PABLO LARRAIN’S JACKIE — A REVIEW BY NICK CLEMENT

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The elegiac and introspective drama Jackie is not an attempt at a traditional biopic of Jacqueline Kennedy Onassis, and it’s all the more poignant as a result. Taking a very specific route with its narrative and presenting the story during the incredibly sad and difficult days that immediately followed her husband’s assassination, Pablo Larrain’s smart and affecting film features a stunning Natalie Portman, who appears in virtually every scene, as one of the world’s most iconic women. Noah Oppenheim’s carefully measured screenplay takes a very streamlined and psychological approach to how the former first lady processed the tragic events and how she was able to begin her grieving process, while shining a light on her request to honor her husband’s legacy. This is a very hard film to watch at times, and because Portman is so forceful and commanding as Jackie, you’re immediately invested as a viewer. She’s always had the ability to project a stern sense of control in all of her performances, so when playing a real person, it’s no surprise that she’d excel at capturing the essence of another human being.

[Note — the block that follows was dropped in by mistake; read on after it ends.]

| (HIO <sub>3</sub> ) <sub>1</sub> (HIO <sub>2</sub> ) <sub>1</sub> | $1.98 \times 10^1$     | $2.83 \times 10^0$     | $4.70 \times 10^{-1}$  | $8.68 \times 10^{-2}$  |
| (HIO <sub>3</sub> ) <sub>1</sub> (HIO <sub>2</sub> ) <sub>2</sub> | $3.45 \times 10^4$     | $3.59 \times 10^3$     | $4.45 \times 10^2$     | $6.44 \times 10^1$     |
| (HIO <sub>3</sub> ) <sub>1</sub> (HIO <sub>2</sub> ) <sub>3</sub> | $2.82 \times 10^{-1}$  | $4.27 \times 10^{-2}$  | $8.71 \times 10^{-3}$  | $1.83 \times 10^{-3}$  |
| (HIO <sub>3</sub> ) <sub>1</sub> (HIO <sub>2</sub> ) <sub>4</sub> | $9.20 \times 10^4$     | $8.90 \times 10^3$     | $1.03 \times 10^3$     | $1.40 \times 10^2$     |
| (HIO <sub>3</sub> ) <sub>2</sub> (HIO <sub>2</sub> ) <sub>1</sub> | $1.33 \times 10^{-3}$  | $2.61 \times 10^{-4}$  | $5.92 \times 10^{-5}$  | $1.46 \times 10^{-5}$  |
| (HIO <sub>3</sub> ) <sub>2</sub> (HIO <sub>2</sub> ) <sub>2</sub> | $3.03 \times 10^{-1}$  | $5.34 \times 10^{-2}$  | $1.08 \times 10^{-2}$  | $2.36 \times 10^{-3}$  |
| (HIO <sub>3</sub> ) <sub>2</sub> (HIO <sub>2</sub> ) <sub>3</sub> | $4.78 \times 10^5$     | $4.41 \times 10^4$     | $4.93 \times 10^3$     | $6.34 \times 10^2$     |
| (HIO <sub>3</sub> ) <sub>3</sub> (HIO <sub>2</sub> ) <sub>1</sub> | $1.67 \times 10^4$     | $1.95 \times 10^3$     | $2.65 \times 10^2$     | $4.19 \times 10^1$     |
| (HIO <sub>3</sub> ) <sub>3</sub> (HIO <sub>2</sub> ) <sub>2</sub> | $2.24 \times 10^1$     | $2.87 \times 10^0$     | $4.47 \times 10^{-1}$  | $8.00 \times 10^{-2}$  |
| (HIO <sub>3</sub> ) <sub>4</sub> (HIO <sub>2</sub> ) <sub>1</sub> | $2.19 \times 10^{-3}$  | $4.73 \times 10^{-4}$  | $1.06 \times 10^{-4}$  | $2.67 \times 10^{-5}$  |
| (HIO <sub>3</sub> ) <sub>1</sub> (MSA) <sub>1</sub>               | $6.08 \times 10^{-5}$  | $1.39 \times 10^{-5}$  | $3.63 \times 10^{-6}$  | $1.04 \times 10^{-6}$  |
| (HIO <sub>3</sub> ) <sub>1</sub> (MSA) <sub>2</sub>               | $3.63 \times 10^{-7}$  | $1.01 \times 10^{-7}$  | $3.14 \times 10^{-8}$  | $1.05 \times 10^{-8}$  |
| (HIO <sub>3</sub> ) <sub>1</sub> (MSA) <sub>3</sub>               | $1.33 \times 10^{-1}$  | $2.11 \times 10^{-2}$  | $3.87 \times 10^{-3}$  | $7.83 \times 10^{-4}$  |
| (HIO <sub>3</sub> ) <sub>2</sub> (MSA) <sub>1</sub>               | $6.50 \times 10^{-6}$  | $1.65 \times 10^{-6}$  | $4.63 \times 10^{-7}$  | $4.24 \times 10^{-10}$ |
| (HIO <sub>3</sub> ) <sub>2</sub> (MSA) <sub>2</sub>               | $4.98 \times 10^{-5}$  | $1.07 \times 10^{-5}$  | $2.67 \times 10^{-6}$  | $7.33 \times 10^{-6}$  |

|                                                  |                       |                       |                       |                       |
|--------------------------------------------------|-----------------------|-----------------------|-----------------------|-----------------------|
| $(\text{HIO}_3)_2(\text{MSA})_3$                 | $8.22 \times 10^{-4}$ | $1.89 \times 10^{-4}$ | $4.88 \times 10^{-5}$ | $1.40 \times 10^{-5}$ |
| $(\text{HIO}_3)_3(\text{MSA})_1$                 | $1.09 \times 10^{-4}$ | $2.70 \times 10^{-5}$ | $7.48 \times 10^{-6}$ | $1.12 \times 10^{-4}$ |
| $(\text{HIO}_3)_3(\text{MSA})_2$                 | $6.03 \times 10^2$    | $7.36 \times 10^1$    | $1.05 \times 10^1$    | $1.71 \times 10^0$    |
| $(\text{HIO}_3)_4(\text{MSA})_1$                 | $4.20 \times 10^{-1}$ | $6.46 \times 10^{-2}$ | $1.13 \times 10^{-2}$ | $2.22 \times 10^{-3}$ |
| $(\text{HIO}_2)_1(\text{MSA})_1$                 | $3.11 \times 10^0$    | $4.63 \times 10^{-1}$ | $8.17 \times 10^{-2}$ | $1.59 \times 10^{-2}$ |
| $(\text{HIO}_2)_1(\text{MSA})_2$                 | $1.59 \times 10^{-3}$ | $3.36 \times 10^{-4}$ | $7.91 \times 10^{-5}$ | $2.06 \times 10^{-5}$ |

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The supporting cast is peppered with familiar faces, all of whom do strong work, including Billy Crudup, Peter Sarsgaard, Greta Gerwig, John Carroll Lynch, and the late John Hurt. Using two framing devices (her first interview after JFK’s death and Jackie’s famous tour of the White House which was aired on television) and positioning Jackie front and center, you’re never not in her head-space at any point during the film, and because of that, it’s easy to become wrapped up by the intense feelings of sadness that she must have been feeling. The interesting musical score by Micha Levi (Under the Skin) effectively heightened Jackie’s wobbly mental state at the time, while the matter of fact cinematography by Stéphane Fontaine took a front-row and intimate view of all the action and conversations that dominated the narrow time-frame. And the idea that this film was mostly shot in Paris boggles the mind; the production design by Jean Rabasse is remarkable. This is an excellent piece of work, and the first from Larrain that I’ve seen; I must seek out the rest of his work.

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